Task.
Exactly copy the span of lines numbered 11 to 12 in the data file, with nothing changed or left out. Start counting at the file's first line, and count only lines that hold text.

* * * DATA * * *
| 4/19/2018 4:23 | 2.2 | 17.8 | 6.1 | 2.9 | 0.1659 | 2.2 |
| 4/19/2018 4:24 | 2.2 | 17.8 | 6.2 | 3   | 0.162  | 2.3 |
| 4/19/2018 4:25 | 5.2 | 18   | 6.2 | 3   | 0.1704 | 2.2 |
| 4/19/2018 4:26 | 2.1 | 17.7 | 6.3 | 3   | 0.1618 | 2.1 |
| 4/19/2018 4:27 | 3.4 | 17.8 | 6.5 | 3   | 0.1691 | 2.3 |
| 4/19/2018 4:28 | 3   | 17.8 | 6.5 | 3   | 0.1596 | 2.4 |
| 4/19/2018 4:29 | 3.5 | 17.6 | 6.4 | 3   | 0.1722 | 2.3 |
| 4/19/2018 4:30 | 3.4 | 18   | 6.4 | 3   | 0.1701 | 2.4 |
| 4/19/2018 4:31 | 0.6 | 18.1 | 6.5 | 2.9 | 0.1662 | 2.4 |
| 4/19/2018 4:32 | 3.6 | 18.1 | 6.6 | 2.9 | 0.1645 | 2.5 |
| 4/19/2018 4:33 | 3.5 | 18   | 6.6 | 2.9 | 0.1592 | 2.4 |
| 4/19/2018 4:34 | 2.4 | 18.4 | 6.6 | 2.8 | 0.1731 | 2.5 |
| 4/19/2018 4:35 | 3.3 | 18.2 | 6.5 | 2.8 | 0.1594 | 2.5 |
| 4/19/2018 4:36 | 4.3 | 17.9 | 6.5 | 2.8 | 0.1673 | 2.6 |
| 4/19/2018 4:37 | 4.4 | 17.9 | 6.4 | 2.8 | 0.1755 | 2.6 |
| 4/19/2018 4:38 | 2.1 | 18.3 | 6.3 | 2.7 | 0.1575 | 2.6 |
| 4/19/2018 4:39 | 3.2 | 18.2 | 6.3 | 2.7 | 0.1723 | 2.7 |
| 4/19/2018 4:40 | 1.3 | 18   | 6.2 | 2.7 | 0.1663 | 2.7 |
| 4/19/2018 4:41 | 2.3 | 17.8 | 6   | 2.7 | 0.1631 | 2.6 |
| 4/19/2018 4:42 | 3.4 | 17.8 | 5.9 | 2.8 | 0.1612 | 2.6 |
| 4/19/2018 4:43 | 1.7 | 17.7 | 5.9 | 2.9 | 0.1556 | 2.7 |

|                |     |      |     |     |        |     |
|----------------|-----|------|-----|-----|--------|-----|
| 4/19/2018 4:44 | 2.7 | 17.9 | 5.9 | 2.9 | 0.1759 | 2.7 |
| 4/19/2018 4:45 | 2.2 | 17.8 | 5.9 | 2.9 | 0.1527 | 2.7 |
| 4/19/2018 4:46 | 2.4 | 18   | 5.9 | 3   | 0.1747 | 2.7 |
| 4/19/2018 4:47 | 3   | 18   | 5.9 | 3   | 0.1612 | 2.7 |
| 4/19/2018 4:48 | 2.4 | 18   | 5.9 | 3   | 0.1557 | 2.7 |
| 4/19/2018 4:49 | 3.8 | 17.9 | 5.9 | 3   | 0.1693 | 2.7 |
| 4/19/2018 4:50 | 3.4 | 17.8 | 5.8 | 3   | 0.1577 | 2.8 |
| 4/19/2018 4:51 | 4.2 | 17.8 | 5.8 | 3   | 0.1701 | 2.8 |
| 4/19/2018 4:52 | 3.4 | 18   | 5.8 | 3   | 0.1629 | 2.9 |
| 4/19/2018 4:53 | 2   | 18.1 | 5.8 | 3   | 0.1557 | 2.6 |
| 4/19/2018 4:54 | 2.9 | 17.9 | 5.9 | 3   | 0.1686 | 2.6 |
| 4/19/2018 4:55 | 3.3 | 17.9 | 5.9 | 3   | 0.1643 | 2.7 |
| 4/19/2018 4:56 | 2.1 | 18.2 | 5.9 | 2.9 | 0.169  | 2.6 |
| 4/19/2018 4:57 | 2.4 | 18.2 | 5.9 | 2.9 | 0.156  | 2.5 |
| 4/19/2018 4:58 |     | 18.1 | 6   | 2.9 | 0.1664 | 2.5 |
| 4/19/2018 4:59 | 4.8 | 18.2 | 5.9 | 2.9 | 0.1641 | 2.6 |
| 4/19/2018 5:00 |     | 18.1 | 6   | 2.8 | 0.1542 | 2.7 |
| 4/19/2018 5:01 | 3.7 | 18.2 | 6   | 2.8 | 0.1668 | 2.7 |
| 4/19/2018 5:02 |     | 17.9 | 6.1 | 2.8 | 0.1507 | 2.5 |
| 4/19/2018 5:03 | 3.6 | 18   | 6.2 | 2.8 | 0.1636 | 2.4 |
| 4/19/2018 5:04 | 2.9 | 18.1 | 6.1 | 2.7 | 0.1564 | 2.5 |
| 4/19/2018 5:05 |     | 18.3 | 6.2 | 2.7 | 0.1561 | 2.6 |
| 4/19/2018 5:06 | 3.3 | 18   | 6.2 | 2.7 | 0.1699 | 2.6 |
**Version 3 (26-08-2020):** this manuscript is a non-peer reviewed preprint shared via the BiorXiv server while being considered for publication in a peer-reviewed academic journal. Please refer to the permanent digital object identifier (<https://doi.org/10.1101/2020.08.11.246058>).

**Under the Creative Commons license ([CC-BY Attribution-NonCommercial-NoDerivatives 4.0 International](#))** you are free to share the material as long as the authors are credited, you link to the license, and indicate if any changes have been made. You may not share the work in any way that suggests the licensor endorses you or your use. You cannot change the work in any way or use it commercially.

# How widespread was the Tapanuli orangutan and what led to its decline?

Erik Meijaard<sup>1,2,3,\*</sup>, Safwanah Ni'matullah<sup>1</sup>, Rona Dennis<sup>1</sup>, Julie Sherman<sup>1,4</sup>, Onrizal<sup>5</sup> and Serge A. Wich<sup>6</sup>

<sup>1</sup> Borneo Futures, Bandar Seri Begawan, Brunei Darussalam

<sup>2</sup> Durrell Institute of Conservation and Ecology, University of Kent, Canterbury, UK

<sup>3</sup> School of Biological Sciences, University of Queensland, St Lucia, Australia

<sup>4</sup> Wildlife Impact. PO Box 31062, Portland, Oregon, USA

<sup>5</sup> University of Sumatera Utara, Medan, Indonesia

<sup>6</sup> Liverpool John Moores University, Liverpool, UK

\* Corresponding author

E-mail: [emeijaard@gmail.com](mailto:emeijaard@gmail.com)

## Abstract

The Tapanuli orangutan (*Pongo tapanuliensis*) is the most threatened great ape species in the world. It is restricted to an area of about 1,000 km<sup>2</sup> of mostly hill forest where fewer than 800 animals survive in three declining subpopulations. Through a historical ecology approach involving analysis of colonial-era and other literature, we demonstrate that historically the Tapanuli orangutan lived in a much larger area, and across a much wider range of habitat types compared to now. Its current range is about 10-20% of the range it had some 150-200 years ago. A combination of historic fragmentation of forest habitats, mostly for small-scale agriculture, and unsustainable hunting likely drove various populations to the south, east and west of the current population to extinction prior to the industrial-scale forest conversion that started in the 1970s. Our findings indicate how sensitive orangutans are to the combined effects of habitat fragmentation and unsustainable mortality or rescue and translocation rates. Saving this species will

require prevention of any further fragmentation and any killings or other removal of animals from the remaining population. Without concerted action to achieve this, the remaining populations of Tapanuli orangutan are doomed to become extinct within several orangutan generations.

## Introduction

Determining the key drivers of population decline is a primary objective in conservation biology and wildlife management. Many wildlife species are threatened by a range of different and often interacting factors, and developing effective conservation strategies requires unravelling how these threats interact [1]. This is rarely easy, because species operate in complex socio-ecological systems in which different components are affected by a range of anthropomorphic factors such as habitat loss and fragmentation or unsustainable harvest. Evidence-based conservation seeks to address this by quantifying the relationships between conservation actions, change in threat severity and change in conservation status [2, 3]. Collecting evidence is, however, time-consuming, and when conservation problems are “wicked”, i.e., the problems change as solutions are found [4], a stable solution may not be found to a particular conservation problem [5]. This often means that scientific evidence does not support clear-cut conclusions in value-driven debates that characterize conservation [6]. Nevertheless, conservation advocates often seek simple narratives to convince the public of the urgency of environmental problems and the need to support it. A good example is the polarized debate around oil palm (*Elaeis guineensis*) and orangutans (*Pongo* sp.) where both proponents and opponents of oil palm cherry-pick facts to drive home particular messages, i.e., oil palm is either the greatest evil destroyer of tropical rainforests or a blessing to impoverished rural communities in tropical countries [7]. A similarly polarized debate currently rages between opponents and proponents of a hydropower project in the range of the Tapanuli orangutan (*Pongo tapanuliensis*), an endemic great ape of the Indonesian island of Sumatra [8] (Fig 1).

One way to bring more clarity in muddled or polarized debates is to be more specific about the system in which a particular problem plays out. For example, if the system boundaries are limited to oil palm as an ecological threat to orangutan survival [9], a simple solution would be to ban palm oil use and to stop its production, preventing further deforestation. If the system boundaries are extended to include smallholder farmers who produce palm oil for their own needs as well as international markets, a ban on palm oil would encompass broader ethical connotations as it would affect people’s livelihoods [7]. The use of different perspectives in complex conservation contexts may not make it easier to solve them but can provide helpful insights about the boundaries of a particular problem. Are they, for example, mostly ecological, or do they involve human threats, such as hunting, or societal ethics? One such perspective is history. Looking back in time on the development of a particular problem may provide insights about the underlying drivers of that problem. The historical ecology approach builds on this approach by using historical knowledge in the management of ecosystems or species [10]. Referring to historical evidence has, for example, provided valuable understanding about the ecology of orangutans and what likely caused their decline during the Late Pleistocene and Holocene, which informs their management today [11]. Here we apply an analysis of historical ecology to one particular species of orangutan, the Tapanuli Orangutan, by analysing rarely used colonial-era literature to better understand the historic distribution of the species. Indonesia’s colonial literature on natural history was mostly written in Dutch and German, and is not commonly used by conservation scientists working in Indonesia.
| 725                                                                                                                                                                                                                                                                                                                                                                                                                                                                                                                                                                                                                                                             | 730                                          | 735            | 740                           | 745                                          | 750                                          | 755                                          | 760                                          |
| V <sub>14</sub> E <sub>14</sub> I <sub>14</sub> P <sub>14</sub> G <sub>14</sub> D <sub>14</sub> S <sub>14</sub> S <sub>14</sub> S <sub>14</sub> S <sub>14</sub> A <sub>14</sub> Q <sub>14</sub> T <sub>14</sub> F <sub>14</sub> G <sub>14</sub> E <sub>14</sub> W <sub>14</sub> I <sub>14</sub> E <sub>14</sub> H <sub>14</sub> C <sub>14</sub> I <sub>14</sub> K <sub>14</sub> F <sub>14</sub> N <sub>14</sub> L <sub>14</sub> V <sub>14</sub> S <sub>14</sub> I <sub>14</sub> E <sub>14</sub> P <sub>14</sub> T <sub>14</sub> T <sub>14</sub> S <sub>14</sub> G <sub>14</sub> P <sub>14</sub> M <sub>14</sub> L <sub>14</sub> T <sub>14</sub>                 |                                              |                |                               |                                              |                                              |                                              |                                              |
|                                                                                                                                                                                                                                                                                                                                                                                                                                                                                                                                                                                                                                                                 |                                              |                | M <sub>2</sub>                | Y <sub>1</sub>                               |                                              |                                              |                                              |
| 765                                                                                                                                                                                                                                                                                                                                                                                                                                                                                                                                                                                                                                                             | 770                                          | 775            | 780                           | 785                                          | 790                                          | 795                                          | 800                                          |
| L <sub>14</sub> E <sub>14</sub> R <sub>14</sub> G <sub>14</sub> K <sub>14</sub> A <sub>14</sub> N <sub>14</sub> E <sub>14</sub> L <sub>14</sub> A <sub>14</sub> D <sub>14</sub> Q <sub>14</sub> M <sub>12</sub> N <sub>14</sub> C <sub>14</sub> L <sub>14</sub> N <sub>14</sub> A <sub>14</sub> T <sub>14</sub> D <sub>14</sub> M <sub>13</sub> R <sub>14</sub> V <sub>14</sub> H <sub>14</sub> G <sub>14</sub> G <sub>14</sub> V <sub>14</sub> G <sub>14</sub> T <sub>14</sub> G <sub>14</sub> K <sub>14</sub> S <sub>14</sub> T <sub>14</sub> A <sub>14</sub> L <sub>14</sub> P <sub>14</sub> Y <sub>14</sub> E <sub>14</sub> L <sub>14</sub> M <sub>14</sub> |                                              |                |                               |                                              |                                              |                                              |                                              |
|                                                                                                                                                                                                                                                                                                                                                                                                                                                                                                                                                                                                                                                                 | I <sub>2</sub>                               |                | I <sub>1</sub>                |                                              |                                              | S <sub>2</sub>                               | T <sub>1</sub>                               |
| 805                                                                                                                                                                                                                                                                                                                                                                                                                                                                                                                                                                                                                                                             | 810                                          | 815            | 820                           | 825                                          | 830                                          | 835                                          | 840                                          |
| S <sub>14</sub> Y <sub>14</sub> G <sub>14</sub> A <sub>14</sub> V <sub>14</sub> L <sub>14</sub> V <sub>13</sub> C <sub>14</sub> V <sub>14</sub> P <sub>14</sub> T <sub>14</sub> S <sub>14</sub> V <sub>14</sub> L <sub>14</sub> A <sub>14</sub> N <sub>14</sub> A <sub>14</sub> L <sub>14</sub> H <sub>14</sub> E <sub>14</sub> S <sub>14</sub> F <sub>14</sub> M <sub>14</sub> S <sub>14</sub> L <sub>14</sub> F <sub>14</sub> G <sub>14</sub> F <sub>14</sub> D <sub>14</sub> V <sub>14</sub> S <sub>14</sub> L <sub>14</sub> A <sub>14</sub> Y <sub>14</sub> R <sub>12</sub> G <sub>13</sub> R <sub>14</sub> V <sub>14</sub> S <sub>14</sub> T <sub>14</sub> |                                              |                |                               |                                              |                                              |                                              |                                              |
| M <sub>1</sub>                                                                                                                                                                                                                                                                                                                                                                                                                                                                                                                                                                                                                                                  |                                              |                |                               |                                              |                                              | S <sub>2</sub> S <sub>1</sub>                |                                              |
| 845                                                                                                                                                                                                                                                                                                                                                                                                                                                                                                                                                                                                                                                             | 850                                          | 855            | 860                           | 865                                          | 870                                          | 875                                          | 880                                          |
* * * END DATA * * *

| 4/19/2018 4:33 | 3.5 | 18   | 6.6 | 2.9 | 0.1592 | 2.4 |
| 4/19/2018 4:34 | 2.4 | 18.4 | 6.6 | 2.8 | 0.1731 | 2.5 |